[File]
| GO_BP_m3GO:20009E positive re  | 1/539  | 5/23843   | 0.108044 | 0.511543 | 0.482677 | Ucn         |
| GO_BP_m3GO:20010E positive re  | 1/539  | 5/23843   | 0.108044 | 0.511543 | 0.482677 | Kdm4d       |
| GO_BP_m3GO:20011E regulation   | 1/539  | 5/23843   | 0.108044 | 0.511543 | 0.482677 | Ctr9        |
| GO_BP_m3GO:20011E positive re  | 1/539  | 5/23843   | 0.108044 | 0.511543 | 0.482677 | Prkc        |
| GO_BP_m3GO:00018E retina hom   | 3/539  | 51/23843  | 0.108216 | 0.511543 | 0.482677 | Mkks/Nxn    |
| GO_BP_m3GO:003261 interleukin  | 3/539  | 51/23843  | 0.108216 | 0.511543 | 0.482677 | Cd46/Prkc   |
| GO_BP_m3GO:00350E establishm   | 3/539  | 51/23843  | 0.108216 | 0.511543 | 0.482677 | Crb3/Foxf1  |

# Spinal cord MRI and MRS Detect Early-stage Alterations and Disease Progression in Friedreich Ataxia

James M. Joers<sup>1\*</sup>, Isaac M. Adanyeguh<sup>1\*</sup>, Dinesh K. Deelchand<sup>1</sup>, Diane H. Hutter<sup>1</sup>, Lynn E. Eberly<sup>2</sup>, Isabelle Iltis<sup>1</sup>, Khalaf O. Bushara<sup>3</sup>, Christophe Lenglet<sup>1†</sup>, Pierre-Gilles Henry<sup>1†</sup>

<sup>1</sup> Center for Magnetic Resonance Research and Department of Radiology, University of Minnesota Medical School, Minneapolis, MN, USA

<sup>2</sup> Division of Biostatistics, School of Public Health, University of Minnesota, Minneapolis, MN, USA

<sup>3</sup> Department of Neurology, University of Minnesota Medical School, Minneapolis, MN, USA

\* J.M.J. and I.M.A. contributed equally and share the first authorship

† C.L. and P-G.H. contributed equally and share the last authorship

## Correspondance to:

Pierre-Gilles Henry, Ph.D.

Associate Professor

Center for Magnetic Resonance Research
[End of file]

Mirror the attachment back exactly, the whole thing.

| GO_BP_m3GO:20009E positive re  | 1/539  | 5/23843   | 0.108044 | 0.511543 | 0.482677 | Ucn         |
| GO_BP_m3GO:20010E positive re  | 1/539  | 5/23843   | 0.108044 | 0.511543 | 0.482677 | Kdm4d       |
| GO_BP_m3GO:20011E regulation   | 1/539  | 5/23843   | 0.108044 | 0.511543 | 0.482677 | Ctr9        |
| GO_BP_m3GO:20011E positive re  | 1/539  | 5/23843   | 0.108044 | 0.511543 | 0.482677 | Prkc        |
| GO_BP_m3GO:00018E retina hom   | 3/539  | 51/23843  | 0.108216 | 0.511543 | 0.482677 | Mkks/Nxn    |
| GO_BP_m3GO:003261 interleukin  | 3/539  | 51/23843  | 0.108216 | 0.511543 | 0.482677 | Cd46/Prkc   |
| GO_BP_m3GO:00350E establishm   | 3/539  | 51/23843  | 0.108216 | 0.511543 | 0.482677 | Crb3/Foxf1  |

# Spinal cord MRI and MRS Detect Early-stage Alterations and Disease Progression in Friedreich Ataxia

James M. Joers<sup>1\*</sup>, Isaac M. Adanyeguh<sup>1\*</sup>, Dinesh K. Deelchand<sup>1</sup>, Diane H. Hutter<sup>1</sup>, Lynn E. Eberly<sup>2</sup>, Isabelle Iltis<sup>1</sup>, Khalaf O. Bushara<sup>3</sup>, Christophe Lenglet<sup>1†</sup>, Pierre-Gilles Henry<sup>1†</sup>

<sup>1</sup> Center for Magnetic Resonance Research and Department of Radiology, University of Minnesota Medical School, Minneapolis, MN, USA

<sup>2</sup> Division of Biostatistics, School of Public Health, University of Minnesota, Minneapolis, MN, USA

<sup>3</sup> Department of Neurology, University of Minnesota Medical School, Minneapolis, MN, USA

\* J.M.J. and I.M.A. contributed equally and share the first authorship

† C.L. and P-G.H. contributed equally and share the last authorship

## Correspondance to:

Pierre-Gilles Henry, Ph.D.

Associate Professor

Center for Magnetic Resonance Research